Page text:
Title:

Statistical thermodynamics of crystal lattices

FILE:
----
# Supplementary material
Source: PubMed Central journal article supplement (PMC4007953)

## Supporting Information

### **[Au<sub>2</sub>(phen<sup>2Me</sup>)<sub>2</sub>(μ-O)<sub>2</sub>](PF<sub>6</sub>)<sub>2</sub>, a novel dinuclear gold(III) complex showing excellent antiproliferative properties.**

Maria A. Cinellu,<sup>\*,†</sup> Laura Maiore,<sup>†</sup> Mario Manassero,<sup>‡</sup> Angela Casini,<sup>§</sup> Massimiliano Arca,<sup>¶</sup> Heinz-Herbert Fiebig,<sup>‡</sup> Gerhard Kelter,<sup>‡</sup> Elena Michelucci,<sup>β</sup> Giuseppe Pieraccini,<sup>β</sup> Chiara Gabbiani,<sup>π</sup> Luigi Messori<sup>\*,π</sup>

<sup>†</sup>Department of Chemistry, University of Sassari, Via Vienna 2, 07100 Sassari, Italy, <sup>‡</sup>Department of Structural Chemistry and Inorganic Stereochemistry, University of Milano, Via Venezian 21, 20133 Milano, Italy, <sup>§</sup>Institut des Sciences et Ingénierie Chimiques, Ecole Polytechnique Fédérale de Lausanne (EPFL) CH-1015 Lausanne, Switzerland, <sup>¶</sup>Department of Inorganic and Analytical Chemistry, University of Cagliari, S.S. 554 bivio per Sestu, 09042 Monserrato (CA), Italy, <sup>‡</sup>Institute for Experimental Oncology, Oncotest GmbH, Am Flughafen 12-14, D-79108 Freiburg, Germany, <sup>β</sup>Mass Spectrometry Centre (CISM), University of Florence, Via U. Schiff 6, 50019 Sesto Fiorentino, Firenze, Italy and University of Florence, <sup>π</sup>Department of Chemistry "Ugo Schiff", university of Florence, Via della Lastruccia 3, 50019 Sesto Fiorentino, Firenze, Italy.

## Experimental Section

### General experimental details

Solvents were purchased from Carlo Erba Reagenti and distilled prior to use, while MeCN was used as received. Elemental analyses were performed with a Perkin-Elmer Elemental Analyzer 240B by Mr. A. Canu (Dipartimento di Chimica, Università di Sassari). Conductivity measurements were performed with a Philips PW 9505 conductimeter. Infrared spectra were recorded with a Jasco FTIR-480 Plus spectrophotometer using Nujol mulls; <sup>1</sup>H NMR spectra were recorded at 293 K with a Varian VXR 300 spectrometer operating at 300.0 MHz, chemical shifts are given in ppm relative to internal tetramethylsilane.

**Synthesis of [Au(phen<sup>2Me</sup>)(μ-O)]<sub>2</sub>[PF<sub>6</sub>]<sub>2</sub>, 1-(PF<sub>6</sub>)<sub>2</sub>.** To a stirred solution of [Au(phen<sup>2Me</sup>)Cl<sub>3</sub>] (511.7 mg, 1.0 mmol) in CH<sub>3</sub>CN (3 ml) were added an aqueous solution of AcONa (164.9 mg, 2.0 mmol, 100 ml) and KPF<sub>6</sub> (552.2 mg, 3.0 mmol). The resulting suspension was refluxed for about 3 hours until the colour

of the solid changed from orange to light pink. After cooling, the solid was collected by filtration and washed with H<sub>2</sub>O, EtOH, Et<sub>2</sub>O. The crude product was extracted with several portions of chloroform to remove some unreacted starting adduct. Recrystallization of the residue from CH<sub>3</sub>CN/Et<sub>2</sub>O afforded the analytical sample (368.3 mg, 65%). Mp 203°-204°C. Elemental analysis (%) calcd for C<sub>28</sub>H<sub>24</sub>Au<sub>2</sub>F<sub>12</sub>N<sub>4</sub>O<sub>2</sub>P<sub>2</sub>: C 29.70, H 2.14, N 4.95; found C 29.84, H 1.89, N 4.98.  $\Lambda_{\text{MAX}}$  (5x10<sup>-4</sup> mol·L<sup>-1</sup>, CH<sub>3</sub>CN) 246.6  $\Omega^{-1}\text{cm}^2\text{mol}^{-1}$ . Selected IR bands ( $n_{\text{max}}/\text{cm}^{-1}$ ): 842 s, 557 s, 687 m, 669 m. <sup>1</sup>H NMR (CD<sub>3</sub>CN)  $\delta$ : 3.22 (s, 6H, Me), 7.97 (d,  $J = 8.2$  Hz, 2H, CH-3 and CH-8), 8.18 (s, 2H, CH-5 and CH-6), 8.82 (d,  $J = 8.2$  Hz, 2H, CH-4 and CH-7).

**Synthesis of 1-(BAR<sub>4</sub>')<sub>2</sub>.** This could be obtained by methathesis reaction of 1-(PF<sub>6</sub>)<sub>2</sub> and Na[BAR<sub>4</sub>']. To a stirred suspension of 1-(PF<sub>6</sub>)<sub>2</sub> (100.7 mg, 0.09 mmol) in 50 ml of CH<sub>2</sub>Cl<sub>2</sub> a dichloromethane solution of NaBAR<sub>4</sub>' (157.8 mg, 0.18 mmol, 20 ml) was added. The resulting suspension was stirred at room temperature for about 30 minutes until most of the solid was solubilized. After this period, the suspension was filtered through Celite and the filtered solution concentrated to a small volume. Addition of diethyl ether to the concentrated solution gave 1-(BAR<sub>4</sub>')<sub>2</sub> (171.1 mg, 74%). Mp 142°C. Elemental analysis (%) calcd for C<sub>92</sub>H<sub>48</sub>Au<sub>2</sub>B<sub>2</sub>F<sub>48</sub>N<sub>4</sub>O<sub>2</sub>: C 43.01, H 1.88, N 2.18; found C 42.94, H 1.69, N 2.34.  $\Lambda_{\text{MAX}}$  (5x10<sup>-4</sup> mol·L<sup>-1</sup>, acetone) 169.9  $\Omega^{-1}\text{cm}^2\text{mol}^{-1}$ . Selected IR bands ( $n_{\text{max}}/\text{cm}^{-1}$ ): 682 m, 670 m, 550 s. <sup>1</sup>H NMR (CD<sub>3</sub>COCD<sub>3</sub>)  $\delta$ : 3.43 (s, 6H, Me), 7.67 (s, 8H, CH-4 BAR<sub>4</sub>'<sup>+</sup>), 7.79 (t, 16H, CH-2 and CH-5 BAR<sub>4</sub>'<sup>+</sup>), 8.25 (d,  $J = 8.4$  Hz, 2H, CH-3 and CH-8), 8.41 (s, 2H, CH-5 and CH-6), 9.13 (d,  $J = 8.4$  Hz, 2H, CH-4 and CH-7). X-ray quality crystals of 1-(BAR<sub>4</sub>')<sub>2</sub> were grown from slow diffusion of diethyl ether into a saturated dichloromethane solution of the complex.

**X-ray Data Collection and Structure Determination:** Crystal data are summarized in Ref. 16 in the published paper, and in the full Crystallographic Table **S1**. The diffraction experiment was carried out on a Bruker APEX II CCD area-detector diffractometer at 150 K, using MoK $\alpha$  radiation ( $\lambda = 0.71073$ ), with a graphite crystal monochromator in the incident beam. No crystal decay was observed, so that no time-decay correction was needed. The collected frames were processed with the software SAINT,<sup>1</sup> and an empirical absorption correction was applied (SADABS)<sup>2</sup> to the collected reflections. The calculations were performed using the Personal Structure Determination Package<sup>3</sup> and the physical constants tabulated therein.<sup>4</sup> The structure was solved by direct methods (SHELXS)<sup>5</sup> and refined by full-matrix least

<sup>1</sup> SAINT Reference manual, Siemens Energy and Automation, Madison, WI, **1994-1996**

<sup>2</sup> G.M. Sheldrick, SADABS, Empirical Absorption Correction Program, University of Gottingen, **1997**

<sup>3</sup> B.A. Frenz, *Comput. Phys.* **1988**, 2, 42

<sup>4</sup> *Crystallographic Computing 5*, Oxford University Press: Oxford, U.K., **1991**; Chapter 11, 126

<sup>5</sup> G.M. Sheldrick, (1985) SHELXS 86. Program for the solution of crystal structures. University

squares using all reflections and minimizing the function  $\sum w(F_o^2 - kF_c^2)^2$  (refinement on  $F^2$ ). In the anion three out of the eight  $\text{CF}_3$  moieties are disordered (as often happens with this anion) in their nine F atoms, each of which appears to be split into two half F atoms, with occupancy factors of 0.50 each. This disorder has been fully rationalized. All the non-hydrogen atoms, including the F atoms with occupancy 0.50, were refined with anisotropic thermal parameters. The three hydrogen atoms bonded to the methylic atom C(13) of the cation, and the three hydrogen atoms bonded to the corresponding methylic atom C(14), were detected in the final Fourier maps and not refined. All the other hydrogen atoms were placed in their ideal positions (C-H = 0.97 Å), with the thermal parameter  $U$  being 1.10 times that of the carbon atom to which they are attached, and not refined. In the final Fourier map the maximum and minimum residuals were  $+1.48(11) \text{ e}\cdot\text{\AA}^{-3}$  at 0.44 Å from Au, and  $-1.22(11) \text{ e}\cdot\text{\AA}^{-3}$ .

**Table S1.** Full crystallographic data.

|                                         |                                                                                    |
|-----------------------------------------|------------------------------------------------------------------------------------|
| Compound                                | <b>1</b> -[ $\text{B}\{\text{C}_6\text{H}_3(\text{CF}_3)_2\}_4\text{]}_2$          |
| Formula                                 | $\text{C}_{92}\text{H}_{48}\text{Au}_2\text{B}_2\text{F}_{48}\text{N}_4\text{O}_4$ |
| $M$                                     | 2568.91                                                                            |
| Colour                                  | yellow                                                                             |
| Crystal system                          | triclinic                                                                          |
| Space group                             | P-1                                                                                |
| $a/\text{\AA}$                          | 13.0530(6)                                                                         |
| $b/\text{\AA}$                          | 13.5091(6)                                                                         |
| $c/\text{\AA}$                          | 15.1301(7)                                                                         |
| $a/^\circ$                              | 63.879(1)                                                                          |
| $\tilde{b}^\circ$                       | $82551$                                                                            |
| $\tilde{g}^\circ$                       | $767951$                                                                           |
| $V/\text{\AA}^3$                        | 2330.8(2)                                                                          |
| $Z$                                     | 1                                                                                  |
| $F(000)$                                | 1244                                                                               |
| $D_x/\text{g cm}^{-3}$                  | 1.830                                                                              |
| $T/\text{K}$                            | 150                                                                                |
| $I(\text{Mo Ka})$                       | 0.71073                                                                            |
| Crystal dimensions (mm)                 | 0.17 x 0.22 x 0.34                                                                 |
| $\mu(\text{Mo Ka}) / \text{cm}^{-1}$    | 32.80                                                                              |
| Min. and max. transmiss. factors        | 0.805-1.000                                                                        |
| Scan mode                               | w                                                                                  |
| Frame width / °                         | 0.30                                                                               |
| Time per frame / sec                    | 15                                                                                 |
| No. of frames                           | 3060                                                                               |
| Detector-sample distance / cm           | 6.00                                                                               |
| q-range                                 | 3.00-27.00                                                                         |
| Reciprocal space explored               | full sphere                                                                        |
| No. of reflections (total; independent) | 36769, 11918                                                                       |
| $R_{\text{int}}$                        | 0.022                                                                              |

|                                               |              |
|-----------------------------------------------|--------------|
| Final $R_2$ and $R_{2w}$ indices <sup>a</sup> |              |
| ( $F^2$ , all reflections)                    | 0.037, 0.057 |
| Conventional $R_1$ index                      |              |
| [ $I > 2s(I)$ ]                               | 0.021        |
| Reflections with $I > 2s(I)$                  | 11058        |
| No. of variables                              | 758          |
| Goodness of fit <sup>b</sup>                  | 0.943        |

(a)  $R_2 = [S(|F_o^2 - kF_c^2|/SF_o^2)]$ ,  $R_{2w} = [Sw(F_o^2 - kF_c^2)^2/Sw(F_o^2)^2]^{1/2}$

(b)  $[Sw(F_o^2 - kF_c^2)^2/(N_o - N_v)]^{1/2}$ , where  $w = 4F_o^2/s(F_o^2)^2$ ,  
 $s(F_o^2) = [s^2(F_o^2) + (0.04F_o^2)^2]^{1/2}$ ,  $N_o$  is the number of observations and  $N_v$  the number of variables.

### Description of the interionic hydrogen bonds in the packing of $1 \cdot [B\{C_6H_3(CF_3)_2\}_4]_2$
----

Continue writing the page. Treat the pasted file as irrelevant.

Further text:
This work is the development of a new approach to the theory of thermodynamical equilibrium in the ideal solid state, recently put forward by Professor Max Born (1951a, 1951b). His purpose was to overcome a fundamental expansion difficulty in the usual theory and to generalise it to include strongly anharmonic effects (such as exist in solid helium); it was also hoped to provide alternative solutions of the non linear vibrational equations which might I indicate intrinsic imperfections ( "block structure"  see Born (1947), Pìzrth (1949)) in the equilibrium state. Such solutions have not been found; even in the non linear case an ideal lattice configuration can be proposed as a solution (though perhaps not the only one), with some changes as discussed by Born (1951a), and the atoms can be taken to vibrate about this reference configuration with stable, fourth degree oscillations. By a method of adaptation independent harmonic modes of vibration can be chosen to be a close approximation to the atomic motion, whatever the reference configuration, and the corresponding thermodynamical formulae may be developed either for large anharmonic effects or by treating the third and fourth degree terms in the potential energy as a small perturbation. Instead of at the start taking the atoms to vibrate about the minimum energy configuration, which leads to the fundamental difficulty that thei mean displacements increasingly diverge from these positions as the size of the specimen increases, owing to the anharmonicity, we keep the reference configuration free and fix its coordinates as the quantum mechanical average positions at a later stage of the calculation; in this way both zero  energy and temperature effects can be properly accounted for and the vibrations can always be regarded as (relatively) small compared to the atomic spacing. At the same time, new effective harmonic lattice frequencies are established which reduce in a continuous fashion to those of the ordinary quadratic theory when the vibrations are very small. The general theory will first be developed, then the theoretical example of a monatomic linear viii. chain will be worked out in full, both to illustratF the three dimensional theory and to provide approximations for later work, and finally an application of the non linear results to the thermal behaviour of solid helium will be made.